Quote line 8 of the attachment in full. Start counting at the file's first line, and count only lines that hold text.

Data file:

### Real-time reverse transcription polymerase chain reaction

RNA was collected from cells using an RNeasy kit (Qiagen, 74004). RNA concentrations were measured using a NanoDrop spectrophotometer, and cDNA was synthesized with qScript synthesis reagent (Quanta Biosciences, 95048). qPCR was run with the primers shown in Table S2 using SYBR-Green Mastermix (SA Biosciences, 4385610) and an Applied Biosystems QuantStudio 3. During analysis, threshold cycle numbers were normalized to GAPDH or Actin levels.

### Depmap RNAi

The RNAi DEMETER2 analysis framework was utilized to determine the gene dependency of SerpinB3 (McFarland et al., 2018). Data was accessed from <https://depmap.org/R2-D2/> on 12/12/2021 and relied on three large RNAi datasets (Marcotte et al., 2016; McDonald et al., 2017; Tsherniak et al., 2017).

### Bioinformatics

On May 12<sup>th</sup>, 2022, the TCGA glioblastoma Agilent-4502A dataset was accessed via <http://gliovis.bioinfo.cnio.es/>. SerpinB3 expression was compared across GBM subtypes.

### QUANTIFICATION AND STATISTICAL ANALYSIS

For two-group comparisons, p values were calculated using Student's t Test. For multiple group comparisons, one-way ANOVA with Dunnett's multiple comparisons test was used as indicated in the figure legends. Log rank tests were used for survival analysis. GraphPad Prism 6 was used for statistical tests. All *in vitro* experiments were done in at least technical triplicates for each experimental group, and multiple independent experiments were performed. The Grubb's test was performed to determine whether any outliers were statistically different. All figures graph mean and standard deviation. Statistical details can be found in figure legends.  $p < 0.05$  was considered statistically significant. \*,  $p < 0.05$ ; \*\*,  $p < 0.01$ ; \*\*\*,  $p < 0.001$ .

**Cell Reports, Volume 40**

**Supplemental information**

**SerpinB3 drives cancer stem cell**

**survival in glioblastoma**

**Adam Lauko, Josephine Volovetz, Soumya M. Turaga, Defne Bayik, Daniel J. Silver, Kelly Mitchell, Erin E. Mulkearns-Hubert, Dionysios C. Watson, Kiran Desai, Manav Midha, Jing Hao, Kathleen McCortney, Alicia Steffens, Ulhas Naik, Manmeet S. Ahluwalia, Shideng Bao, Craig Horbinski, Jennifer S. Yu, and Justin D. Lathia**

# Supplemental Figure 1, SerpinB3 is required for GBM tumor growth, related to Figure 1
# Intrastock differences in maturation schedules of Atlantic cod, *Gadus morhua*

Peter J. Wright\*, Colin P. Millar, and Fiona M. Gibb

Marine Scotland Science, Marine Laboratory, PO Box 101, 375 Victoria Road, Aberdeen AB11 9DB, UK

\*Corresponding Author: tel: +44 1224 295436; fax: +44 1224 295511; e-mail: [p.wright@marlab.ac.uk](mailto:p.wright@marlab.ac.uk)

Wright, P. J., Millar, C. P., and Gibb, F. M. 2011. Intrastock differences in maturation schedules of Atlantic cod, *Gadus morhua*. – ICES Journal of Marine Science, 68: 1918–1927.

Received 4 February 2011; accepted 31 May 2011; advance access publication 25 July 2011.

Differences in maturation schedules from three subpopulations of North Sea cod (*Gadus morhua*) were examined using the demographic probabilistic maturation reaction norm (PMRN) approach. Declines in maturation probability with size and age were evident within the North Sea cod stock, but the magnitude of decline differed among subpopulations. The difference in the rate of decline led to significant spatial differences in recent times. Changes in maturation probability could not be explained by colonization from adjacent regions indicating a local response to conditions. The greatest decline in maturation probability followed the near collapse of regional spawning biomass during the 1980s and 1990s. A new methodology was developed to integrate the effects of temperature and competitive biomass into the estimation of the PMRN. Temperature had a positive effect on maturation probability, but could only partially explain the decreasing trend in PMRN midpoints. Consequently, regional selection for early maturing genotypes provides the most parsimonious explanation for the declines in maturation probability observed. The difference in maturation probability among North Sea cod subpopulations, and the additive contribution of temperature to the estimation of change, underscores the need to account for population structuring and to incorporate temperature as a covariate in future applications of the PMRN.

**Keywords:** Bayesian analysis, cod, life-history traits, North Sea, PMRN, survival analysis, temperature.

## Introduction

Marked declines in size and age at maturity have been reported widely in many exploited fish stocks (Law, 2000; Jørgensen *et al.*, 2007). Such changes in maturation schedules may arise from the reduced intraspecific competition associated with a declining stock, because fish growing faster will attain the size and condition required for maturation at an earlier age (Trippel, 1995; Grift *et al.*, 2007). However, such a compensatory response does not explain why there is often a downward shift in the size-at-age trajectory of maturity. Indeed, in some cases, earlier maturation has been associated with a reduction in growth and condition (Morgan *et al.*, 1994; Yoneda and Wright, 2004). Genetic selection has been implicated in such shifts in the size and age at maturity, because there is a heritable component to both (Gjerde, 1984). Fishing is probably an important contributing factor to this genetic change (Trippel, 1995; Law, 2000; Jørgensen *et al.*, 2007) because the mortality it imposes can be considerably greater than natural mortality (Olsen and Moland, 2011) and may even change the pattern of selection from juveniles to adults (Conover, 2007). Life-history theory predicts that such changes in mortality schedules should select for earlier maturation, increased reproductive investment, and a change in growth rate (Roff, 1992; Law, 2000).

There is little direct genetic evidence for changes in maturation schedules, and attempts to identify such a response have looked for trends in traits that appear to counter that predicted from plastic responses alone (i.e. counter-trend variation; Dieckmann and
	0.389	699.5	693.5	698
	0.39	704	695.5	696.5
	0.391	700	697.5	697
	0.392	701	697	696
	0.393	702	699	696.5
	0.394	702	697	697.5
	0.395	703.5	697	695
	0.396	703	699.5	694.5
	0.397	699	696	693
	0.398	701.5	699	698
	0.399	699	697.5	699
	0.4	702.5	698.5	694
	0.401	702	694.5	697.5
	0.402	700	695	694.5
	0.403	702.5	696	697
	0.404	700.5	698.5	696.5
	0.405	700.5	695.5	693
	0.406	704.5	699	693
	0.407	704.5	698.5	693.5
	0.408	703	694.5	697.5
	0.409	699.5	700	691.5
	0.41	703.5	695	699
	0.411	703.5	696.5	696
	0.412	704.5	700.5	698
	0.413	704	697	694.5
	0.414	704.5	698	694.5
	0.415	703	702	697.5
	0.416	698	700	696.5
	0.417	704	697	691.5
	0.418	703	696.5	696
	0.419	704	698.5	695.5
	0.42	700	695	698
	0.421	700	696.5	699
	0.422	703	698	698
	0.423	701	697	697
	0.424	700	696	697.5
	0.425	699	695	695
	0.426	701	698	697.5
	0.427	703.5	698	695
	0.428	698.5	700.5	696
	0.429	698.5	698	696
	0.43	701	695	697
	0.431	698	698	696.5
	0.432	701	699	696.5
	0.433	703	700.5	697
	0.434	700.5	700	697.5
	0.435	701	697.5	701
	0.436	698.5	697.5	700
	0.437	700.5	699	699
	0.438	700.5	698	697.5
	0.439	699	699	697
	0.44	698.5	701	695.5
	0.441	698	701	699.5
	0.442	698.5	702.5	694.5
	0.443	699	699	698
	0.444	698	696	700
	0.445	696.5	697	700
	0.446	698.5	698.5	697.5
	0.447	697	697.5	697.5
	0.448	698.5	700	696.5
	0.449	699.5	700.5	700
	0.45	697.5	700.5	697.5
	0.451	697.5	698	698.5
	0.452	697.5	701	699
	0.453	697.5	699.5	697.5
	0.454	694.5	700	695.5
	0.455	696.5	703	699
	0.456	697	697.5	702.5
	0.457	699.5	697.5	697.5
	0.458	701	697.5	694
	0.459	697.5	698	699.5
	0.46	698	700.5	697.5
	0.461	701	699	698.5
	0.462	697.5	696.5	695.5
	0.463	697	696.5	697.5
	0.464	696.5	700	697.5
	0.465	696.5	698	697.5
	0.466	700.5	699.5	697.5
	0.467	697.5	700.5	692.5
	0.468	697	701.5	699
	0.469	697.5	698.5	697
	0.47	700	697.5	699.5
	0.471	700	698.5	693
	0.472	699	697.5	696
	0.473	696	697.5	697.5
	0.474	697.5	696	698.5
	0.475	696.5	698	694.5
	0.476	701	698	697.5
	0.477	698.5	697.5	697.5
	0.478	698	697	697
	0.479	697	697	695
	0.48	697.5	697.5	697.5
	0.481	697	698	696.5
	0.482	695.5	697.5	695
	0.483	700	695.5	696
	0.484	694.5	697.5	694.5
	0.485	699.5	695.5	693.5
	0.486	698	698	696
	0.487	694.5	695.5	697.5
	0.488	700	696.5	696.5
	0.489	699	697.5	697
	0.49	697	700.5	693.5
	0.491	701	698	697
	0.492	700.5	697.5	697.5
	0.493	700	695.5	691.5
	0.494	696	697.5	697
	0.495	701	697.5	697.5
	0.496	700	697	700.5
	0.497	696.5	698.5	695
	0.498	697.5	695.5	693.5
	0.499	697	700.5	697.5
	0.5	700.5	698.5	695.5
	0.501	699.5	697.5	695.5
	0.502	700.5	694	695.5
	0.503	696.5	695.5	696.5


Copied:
For two-group comparisons, p values were calculated using Student's t Test. For multiple group comparisons, one-way ANOVA with Dunnett's multiple comparisons test was used as indicated in the figure legends. Log rank tests were used for survival analysis. GraphPad Prism 6 was used for statistical tests. All *in vitro* experiments were done in at least technical triplicates for each experimental group, and multiple independent experiments were performed. The Grubb's test was performed to determine whether any outliers were statistically different. All figures graph mean and standard deviation. Statistical details can be found in figure legends.  $p < 0.05$  was considered statistically significant. \*,  $p < 0.05$ ; \*\*,  $p < 0.01$ ; \*\*\*,  $p < 0.001$ .